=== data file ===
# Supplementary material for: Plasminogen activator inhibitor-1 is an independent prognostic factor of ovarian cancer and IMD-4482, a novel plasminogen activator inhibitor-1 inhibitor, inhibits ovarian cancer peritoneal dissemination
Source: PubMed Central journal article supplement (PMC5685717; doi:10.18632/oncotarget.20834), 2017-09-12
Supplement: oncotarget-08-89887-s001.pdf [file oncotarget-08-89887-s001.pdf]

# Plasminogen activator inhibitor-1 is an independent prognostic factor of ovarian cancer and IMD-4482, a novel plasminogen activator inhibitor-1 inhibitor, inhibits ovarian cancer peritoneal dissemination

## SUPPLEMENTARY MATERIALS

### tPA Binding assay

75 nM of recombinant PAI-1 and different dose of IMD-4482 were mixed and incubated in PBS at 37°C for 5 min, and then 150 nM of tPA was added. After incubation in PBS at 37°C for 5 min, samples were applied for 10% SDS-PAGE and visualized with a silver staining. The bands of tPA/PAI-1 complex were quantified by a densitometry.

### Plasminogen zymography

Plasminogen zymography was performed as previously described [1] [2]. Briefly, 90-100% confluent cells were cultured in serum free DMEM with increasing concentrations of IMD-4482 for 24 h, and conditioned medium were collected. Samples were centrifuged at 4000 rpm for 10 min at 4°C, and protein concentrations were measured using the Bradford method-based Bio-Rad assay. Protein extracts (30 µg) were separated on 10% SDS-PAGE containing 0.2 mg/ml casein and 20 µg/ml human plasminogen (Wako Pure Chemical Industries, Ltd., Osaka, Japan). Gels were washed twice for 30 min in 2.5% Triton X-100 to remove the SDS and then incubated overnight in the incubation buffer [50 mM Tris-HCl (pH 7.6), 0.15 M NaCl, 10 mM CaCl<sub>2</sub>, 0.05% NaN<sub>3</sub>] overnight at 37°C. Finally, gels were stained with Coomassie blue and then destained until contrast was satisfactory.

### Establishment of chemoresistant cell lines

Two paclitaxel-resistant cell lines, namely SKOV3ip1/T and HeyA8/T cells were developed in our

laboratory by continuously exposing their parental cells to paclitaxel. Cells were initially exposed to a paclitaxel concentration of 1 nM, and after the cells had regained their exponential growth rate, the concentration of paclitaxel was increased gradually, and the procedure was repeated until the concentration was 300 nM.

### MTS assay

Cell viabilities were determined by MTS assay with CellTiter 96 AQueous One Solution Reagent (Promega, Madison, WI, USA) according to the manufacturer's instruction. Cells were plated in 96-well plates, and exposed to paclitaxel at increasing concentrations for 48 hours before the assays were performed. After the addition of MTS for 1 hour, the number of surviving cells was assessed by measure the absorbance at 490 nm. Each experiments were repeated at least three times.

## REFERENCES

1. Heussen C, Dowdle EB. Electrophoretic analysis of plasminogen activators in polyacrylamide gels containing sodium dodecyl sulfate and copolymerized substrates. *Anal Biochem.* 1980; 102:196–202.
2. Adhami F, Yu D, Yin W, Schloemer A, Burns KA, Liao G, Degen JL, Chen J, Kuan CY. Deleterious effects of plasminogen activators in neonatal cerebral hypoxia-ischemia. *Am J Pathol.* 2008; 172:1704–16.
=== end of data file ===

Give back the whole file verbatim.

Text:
# Supplementary material for: Plasminogen activator inhibitor-1 is an independent prognostic factor of ovarian cancer and IMD-4482, a novel plasminogen activator inhibitor-1 inhibitor, inhibits ovarian cancer peritoneal dissemination
Source: PubMed Central journal article supplement (PMC5685717; doi:10.18632/oncotarget.20834), 2017-09-12
Supplement: oncotarget-08-89887-s001.pdf [file oncotarget-08-89887-s001.pdf]

# Plasminogen activator inhibitor-1 is an independent prognostic factor of ovarian cancer and IMD-4482, a novel plasminogen activator inhibitor-1 inhibitor, inhibits ovarian cancer peritoneal dissemination

## SUPPLEMENTARY MATERIALS

### tPA Binding assay

75 nM of recombinant PAI-1 and different dose of IMD-4482 were mixed and incubated in PBS at 37°C for 5 min, and then 150 nM of tPA was added. After incubation in PBS at 37°C for 5 min, samples were applied for 10% SDS-PAGE and visualized with a silver staining. The bands of tPA/PAI-1 complex were quantified by a densitometry.

### Plasminogen zymography

Plasminogen zymography was performed as previously described [1] [2]. Briefly, 90-100% confluent cells were cultured in serum free DMEM with increasing concentrations of IMD-4482 for 24 h, and conditioned medium were collected. Samples were centrifuged at 4000 rpm for 10 min at 4°C, and protein concentrations were measured using the Bradford method-based Bio-Rad assay. Protein extracts (30 µg) were separated on 10% SDS-PAGE containing 0.2 mg/ml casein and 20 µg/ml human plasminogen (Wako Pure Chemical Industries, Ltd., Osaka, Japan). Gels were washed twice for 30 min in 2.5% Triton X-100 to remove the SDS and then incubated overnight in the incubation buffer [50 mM Tris-HCl (pH 7.6), 0.15 M NaCl, 10 mM CaCl<sub>2</sub>, 0.05% NaN<sub>3</sub>] overnight at 37°C. Finally, gels were stained with Coomassie blue and then destained until contrast was satisfactory.

### Establishment of chemoresistant cell lines

Two paclitaxel-resistant cell lines, namely SKOV3ip1/T and HeyA8/T cells were developed in our

laboratory by continuously exposing their parental cells to paclitaxel. Cells were initially exposed to a paclitaxel concentration of 1 nM, and after the cells had regained their exponential growth rate, the concentration of paclitaxel was increased gradually, and the procedure was repeated until the concentration was 300 nM.

### MTS assay

Cell viabilities were determined by MTS assay with CellTiter 96 AQueous One Solution Reagent (Promega, Madison, WI, USA) according to the manufacturer's instruction. Cells were plated in 96-well plates, and exposed to paclitaxel at increasing concentrations for 48 hours before the assays were performed. After the addition of MTS for 1 hour, the number of surviving cells was assessed by measure the absorbance at 490 nm. Each experiments were repeated at least three times.

## REFERENCES

1. Heussen C, Dowdle EB. Electrophoretic analysis of plasminogen activators in polyacrylamide gels containing sodium dodecyl sulfate and copolymerized substrates. *Anal Biochem.* 1980; 102:196–202.
2. Adhami F, Yu D, Yin W, Schloemer A, Burns KA, Liao G, Degen JL, Chen J, Kuan CY. Deleterious effects of plasminogen activators in neonatal cerebral hypoxia-ischemia. *Am J Pathol.* 2008; 172:1704–16.